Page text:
As a non-fiction writer, I pride myself in having earned my stripes as an investigative reporter who develops sources, follows paper trails, and insists on documenting everything. I want to see things in situ, too, and I want to talk to my primary subjects face to face. For A Gentle Madness, that also meant handling the goods—be it a Gutenberg Bible, First Folio, Bay Psalm Book, Poe’s Tamerlane, or an Audubon Birds of America elephant folio. My research archive in the Cushing Library at Texas A&M University includes some 250 hours of taped material for A Gentle Madness alone, all of it converted to digital format and now open to scholars. I have many favorites among them, one a lengthy discourse I had with Charles L. Blockson, a one-time Penn State football star who in 1956 had eschewed an opportunity to play for the New York Giants to become, as he put it to me, “a black bibliophile,” consumed since childhood with documenting his heritage and his history. When we got together in Philadelphia, he had already turned over a massive library of Afro-American material to Temple University, which established a research center in his name that now numbers 500,000 items. He was perfect for my book in many ways, and continues to be a good friend. “How did you learn about me, Nick,” he had asked, when we were wrapping up our first discussion. “I always knew you were out here somewhere, Charles,” I replied. “It was just a matter of time before I found you.”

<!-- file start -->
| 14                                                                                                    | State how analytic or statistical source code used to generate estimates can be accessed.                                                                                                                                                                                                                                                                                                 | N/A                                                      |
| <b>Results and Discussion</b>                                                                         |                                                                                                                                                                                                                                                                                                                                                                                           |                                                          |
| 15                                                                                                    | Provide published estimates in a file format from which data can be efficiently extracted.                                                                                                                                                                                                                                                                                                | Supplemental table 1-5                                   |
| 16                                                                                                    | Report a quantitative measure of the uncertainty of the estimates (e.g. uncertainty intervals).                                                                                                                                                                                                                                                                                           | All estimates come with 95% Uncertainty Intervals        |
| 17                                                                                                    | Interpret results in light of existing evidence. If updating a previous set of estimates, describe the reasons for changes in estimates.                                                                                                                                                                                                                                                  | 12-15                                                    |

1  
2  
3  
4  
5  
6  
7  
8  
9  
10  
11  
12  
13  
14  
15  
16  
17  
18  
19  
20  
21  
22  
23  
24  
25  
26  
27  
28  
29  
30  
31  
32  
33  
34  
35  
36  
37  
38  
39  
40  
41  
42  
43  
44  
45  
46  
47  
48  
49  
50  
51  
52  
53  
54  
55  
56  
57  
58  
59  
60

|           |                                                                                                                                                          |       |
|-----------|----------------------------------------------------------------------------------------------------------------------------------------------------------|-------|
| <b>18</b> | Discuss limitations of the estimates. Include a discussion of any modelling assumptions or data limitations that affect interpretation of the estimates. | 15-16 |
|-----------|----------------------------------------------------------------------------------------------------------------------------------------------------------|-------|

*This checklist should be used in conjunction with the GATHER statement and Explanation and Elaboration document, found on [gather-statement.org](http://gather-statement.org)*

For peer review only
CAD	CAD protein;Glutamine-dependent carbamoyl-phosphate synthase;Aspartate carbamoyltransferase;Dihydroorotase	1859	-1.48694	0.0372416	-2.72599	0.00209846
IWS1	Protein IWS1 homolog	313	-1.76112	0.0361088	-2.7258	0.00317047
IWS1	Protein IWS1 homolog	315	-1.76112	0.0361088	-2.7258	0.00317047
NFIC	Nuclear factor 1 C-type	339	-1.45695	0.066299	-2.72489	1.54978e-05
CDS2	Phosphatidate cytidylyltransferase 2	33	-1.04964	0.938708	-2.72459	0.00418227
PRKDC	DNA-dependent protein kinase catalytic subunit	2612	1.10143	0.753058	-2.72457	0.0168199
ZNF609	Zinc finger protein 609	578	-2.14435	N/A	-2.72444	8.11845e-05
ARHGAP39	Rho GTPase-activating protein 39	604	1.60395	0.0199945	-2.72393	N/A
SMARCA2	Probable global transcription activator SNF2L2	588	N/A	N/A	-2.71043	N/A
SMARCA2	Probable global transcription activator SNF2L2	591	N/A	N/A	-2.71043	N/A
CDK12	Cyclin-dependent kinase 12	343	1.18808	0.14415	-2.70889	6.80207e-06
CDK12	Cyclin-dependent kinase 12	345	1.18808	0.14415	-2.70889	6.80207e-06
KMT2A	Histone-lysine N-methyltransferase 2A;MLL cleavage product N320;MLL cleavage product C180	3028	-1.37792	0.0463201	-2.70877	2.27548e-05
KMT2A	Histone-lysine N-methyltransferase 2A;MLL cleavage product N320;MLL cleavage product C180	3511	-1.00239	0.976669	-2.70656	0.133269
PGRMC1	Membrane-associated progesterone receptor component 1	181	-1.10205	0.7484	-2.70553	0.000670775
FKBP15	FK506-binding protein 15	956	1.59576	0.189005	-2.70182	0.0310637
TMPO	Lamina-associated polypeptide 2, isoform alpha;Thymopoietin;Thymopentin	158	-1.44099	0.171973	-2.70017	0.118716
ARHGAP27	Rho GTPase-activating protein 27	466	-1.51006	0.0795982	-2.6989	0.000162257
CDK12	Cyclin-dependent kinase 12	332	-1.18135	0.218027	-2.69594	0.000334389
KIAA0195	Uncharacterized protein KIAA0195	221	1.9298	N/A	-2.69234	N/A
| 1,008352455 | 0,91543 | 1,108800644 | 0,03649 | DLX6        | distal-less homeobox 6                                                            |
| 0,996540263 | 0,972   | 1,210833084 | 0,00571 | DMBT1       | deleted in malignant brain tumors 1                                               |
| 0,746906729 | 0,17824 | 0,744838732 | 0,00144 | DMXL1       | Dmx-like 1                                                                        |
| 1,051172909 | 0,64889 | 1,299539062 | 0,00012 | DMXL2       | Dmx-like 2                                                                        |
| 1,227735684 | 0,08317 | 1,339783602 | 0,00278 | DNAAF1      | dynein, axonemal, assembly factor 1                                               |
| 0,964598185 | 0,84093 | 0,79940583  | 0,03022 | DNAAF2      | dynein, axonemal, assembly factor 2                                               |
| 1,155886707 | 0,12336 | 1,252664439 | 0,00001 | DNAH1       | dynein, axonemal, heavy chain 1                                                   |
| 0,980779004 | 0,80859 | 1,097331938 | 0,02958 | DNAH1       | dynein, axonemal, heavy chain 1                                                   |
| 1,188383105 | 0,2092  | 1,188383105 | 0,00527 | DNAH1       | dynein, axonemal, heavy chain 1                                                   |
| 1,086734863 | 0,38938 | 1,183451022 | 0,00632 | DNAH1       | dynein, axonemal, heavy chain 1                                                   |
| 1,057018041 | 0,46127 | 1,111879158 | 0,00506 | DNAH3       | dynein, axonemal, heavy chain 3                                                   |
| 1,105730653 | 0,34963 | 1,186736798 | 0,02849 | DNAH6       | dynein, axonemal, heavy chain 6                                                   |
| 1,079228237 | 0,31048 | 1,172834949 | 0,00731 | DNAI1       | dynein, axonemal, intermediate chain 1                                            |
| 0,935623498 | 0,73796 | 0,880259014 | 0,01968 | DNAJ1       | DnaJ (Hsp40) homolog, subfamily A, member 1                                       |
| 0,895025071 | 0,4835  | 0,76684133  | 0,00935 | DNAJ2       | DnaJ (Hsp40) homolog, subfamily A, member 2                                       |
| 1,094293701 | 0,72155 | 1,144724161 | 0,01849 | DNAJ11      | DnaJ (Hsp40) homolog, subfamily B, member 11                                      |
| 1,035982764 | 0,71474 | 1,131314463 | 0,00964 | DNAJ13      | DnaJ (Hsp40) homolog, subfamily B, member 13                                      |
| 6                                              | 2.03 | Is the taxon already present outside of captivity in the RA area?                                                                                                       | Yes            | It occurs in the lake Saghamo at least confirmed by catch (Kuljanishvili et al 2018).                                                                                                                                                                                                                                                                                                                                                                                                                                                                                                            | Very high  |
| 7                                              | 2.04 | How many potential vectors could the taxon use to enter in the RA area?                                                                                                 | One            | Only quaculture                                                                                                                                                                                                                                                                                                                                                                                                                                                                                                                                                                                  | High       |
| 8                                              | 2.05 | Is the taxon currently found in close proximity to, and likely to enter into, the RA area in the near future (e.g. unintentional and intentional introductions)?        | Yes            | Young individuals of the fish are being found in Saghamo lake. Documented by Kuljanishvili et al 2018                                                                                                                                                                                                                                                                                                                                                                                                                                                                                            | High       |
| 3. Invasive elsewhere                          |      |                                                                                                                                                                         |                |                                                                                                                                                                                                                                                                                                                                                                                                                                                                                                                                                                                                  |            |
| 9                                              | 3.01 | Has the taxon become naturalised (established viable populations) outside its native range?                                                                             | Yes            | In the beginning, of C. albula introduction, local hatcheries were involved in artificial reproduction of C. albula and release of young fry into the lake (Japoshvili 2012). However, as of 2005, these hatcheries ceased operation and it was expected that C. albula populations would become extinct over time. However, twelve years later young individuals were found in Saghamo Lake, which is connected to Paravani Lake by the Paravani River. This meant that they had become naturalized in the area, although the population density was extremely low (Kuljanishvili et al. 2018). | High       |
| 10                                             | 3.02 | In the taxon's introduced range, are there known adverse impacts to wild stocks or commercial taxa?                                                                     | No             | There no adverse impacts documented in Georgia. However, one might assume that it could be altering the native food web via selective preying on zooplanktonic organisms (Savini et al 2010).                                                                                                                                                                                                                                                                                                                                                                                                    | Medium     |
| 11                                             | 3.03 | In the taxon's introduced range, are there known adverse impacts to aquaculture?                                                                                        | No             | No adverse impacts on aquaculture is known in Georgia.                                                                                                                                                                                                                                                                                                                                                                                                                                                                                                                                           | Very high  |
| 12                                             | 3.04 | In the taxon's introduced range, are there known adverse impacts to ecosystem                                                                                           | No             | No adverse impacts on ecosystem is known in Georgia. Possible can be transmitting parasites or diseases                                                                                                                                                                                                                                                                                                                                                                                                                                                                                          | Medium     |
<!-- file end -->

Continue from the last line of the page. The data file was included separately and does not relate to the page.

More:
On April 14, 1991, the New York Times published a lengthy essay I had written under the headline, “Bibliophilia: Still No Cure in Sight.” The piece was a monster, 4,300 words jumping off page one of the Sunday Book Review section, and continuing on four pages inside. With a circulation in those pre-internet days of close to two million copies, this was a very big deal, and the character of what I had been up to for the previous three years changed in a heartbeat. Doors that I once thought were impenetrable were suddenly opened, including a few others that I did not even know then existed.